I’m a psychotherapist and I know how scary it can be to seek therapy – I’ve had it too
There’s no need to be scared – therapy isn’t as intimidating as you think (Picture: Getty/Metro)

Anything that can help encourage people to talk about their mental health is fantastic news, so it was great to see Prince Harry talk about receiving counselling to help him cope with bereavement.

As a practising counsellor/psychotherapist I know that most of us have issues that affect our everyday lives and happiness.

i10 things nobody tells you about therapy 

While it may be common for people to consider having counselling or psychotherapy at some point in their lives, they may be put off by fears about how this may be seen by others.

People may also be overwhelmed by all the different types of approaches to psychotherapy and counselling that are out there, and that there can be confusion around the distinctions between psychiatry, counselling and psychotherapy.

When I enrolled on a masters course at university to study counselling/.psychotherapy, little did I know that I too would have to engage with a psychotherapist for personal therapy over the first two years – this was a fundamental course requirement with a minimum of hours stipulated.

This was not what I had expected, and I felt that I did not need counselling, I was fine, I was not ill. I was supposed to be the person GIVING the counselling!

How strange now to think that was how I considered this back then.

Finding a counsellorpsychotherapist was a mystery to me, even though I was training to be one myself. Where to look, who to go to?

I did not know then that I could look at the official directories of the main governing bodies, or that there was a main directory website.

Nor did I know then that it was easy to be referred to a counsellor through my GP, or that I could self-refer through Mind or other local counselling agencies.

I looked up counsellors and psychotherapists on Google. Who was I going to choose, how would I know who would be right for me, how much would it cost, what would it be like? These were all things that went through my mind.

What would the sessions be like, would I be lying on a couch with a stern looking psychotherapist looking at me with a clipboard not saying anything, expecting me to talk about my dreams?

I didn’t know, and the thought of it all brought a fair bit of anxiety to me.

After a number of emails and telephone calls, I finally found a therapist that felt right for me. I turned up feeling nervous and rang the bell.

I was invited in, sat down, and we discussed things like what to expect in a session, how much each session cost, the way they worked.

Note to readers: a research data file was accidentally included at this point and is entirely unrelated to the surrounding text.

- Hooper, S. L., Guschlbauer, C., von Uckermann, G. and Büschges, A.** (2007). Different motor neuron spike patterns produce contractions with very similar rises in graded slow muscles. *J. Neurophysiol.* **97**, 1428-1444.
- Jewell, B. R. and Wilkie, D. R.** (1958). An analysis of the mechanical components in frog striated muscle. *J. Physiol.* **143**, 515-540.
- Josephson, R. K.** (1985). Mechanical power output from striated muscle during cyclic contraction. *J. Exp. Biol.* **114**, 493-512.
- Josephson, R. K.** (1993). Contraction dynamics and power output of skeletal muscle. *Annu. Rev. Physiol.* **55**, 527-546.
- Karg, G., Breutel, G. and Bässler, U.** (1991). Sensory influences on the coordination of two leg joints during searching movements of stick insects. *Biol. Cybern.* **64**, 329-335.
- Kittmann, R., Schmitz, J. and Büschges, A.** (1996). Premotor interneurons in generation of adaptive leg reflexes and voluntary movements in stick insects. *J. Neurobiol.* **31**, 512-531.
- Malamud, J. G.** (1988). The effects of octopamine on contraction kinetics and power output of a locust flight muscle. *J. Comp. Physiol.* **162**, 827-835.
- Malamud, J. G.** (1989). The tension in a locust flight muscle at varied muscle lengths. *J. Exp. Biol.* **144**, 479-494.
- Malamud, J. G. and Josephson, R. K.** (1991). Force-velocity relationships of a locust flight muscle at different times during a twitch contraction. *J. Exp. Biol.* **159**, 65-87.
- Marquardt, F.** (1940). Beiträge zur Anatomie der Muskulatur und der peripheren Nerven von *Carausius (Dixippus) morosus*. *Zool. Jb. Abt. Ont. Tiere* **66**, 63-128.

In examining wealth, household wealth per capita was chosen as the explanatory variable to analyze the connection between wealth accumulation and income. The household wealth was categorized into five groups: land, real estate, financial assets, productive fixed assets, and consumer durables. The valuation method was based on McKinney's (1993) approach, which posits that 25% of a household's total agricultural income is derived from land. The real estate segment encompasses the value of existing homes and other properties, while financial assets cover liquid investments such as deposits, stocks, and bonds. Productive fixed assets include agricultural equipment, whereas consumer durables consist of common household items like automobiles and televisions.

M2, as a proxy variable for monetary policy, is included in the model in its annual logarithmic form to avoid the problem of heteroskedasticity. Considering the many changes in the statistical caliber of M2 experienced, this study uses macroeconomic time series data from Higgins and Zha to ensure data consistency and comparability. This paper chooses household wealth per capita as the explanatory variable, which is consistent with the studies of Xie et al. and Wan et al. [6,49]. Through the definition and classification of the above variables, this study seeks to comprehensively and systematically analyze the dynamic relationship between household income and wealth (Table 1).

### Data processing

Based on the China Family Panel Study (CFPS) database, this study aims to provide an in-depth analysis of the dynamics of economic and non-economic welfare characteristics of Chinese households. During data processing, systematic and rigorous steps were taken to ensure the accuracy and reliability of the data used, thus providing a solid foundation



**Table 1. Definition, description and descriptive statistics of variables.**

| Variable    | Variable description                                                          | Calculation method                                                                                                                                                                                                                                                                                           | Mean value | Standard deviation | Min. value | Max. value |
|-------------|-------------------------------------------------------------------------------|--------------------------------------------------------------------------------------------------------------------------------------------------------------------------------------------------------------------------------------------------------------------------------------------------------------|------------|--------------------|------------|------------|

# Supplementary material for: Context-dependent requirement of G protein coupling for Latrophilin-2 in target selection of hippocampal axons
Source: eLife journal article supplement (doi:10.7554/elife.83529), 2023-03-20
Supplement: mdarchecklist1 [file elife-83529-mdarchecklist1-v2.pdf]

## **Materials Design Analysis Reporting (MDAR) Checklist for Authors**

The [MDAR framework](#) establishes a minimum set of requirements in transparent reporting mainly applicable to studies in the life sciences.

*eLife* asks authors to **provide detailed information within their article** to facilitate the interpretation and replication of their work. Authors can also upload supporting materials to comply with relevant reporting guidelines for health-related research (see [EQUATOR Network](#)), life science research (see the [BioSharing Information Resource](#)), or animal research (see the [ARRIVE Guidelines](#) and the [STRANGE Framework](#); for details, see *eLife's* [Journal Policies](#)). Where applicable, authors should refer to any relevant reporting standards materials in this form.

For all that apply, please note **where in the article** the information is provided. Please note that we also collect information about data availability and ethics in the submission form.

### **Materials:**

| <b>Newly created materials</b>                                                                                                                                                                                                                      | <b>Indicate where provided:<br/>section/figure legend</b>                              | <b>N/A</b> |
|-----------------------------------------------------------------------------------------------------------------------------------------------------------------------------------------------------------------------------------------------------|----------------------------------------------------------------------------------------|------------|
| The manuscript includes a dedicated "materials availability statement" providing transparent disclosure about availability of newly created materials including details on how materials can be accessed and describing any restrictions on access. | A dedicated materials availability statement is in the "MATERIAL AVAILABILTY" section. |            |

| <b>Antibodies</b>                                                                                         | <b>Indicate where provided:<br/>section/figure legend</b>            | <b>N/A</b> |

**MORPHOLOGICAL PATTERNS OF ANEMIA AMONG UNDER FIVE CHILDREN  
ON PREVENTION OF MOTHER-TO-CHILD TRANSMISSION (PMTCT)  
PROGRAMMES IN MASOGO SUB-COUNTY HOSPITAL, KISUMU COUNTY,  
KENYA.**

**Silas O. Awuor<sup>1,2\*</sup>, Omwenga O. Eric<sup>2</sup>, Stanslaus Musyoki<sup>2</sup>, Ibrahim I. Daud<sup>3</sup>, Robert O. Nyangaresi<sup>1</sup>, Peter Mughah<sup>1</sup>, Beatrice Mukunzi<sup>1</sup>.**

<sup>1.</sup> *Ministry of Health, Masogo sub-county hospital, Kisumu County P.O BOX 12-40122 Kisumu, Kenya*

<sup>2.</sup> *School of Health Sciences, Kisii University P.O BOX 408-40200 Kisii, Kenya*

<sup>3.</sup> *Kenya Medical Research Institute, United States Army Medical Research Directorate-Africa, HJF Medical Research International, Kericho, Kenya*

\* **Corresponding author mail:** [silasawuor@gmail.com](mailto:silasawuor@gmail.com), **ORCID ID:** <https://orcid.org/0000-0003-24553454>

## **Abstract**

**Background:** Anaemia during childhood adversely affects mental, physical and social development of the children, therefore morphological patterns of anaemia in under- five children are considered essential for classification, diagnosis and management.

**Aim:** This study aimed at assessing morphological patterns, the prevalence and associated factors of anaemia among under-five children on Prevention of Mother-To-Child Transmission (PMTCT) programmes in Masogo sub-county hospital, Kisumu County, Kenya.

It all seemed so normal, not quite like a chat over a cup of tea and biscuits, but open and friendly nonetheless.

I’m a psychotherapist and I know how scary it can be to seek therapy – I’ve had it too
Close enough (Picture: Ella Byworth for Metro.co.uk)

I became aware that the choices as to who I wanted to work with, and for what period, were mine, and that I could opt out at any time.

Those are choices that you have should you wish to see a counsellor or psychotherapist – having trust in the therapist is a key ingredient in achieving a successful therapeutic relationship.

Now I am a practising counsellor/psychotherapist working with people of all ages and from all types of backgrounds.

No matter what people’s experience in life may be, there is a common theme around coming to counselling or psychotherapy for the first time:

‘I don’t need counselling, there is nothing wrong with my head.’

‘I can’t admit to my colleagues that I am seeking a psychotherapist, they would think I was mad.’

‘I don’t want people to know that I am seeing a psychotherapist – they will think that I can’t cope and see me as a failure.’

With each of the separate clients who said the above, fantastic work was done and they very quickly realised that seeing a psychotherapist or counsellor was a normal and helpful thing to do.

Their way of looking at things changed, and they were able to make better and more informed choices.

People should not only see a counsellor or psychotherapist when stressed or when things become too difficult. Seeing someone early on can help to prevent a problem becoming a crisis.

We should remember that positive elements in life can be stressful too – getting married, starting a new job, moving to a new country, embarking on a new relationship.

Psychotherapists and counsellors are normal people who are there to help to untangle issues in our lives.

My personal experience of psychotherapy helped me to understand how important it is for new clients to feel at ease in the therapy room.

It was also immensely helpful on a personal level as I found myself discussing my own issues. Being aware of these not only helps me in my personal life, but assists in my being completely present for my clients.

Juliusz Wodzianski is a registered counsellor and psychotherapist based at Bridge to Health in Uxbridge and in Finchley, North London (and online) with Talk Therapy.